Smiling, Nabila turned back to her tea, swinging the cup in a slight circle to mix it up before drinking again. She let herself relax, muscles slowly unknotting from the base of her skull down her shoulders and back, then down the line of her legs to her toes. Leaning comfortably back in her chair, she held the warm cup between her fingers and studied the orange streetlights outside the kitchen window, trying to let her subconscious go to work. Minutes ticked by without a breakthrough, and eventually she finished the rest of her tea and went back to bed to try and catch a few more hours of sleep.
She slept almost until lunchtime, dragging herself groggily out of bed once the sun coming through the window woke her with its light. Pulling on her robe and belting it around her waist, she went into the kitchenette to make lunch, picking up her empty mug from the table and studying it thoughtfully. In the daylight the vision seemed less real than it had in the darkest part of the night, though it hadn’t faded like most normal dreams. She made a mental note to flip through her dream interpretation book, which was surprisingly effective at helping her interpret her visions. At first she’d thought that meant she wasn’t actually seeing a representation of the future at all—despite twenty years worth of predictions that came true more than 90% of the time, starting when she was six—but Shoshanna had argued that her subconscious was only translating whatever she was sent into something she could actually understand. That had led to an argument about where Nabila was even receiving the visions from; Shoshanna was still religious enough to think there was a higher power, but Nabila had dropped that idea when she was still a teenager. As far as she was concerned, the visions came from her own mind, some sort of evolutionary trick that allowed her to see the future, albeit in a cryptic and sometimes nonsensical way.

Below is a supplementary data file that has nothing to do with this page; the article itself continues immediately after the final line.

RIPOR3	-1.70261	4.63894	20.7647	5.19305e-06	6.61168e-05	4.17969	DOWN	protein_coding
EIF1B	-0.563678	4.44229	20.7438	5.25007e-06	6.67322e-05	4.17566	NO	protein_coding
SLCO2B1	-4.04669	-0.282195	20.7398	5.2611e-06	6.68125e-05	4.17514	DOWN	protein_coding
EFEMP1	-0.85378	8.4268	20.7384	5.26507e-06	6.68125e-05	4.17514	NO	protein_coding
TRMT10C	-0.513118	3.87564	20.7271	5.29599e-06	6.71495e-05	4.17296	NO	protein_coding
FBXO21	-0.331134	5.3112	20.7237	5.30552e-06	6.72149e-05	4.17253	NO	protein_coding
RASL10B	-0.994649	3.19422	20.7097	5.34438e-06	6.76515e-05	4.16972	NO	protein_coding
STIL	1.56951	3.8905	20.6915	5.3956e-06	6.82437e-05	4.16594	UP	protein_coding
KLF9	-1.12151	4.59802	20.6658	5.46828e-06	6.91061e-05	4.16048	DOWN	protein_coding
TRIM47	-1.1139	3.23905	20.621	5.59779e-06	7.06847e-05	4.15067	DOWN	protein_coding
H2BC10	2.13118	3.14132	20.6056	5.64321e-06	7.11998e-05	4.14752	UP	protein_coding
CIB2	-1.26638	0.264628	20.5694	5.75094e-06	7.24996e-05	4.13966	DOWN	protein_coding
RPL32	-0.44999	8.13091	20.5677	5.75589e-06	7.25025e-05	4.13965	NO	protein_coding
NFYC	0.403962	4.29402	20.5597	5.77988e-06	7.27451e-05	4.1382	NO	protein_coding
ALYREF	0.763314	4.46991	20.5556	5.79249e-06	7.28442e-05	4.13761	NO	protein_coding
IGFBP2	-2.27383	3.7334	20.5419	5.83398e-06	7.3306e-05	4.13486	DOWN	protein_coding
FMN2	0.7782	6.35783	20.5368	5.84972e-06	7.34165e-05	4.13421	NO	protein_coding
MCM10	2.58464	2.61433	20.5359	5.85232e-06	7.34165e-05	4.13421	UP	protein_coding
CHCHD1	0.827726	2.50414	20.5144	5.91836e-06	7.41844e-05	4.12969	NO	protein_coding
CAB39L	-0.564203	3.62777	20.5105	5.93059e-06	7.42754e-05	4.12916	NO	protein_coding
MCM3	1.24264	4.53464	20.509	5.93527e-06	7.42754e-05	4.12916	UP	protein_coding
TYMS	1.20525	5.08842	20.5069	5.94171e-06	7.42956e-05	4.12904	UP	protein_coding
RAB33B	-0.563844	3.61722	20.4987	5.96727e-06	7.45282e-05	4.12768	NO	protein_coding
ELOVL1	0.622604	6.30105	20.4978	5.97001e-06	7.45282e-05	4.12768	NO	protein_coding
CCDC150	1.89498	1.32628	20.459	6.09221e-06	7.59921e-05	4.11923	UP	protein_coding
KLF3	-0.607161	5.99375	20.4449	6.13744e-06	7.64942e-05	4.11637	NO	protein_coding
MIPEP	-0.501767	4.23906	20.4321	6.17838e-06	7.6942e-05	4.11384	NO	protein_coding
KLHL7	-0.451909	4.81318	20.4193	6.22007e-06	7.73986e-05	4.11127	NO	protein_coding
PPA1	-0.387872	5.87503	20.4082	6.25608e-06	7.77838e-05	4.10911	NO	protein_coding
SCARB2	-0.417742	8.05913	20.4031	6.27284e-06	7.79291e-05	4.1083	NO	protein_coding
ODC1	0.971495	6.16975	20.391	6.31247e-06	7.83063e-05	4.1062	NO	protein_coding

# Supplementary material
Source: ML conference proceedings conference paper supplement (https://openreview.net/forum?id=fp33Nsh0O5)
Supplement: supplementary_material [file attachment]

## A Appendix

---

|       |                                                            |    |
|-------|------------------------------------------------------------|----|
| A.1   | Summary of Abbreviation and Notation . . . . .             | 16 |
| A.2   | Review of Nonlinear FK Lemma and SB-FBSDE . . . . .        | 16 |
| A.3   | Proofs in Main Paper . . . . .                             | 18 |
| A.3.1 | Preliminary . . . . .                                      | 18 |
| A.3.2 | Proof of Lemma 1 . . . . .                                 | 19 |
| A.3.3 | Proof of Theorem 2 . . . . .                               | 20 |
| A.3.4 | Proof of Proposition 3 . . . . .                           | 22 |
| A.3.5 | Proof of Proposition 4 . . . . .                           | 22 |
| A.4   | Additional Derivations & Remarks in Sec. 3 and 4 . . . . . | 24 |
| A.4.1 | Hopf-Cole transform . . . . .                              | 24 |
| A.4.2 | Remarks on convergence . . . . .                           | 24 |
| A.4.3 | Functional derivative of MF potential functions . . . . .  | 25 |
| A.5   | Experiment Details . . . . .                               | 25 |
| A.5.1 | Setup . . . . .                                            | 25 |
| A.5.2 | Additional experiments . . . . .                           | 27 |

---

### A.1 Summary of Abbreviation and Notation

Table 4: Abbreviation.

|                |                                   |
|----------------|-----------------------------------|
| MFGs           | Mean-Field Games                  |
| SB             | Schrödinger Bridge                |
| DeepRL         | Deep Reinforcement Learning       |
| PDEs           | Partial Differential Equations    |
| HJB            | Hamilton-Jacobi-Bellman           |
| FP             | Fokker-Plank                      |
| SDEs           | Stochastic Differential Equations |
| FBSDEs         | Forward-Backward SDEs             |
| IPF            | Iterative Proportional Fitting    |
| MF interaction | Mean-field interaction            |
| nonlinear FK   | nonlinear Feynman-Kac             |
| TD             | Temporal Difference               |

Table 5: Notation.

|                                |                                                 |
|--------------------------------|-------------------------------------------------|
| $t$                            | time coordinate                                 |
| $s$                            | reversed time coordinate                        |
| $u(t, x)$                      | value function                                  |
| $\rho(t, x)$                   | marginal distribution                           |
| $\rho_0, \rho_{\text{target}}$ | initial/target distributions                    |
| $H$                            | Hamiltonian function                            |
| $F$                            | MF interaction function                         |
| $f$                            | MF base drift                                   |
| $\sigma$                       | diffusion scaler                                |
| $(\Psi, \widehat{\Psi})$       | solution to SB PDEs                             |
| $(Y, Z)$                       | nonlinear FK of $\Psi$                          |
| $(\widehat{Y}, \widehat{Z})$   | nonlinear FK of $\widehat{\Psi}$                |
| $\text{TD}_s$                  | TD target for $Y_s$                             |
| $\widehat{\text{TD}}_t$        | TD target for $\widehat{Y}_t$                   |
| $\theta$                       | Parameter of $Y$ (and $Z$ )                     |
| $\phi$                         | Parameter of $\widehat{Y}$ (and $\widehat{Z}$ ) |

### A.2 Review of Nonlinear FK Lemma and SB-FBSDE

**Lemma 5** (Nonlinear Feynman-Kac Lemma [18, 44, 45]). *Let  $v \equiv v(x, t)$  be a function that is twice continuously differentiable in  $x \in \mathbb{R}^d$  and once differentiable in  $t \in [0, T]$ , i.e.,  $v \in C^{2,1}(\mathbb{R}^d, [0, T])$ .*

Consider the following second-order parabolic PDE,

She brought lunch—a salad with ranch dressing for Shoshanna and a grilled cheese sandwich for herself—down to the shop below their apartment and they ate behind the counter, snickering over a regular customer who had come in that morning to buy more candles for a ‘summoning’ ritual.
“You know she wants to summon some romance book hot stud to sweep her off her feet,” Shoshanna said, curling a long piece of lettuce around her fork. “The only thing she’s managing to summon is her fire alarm though. I blame The Craft.”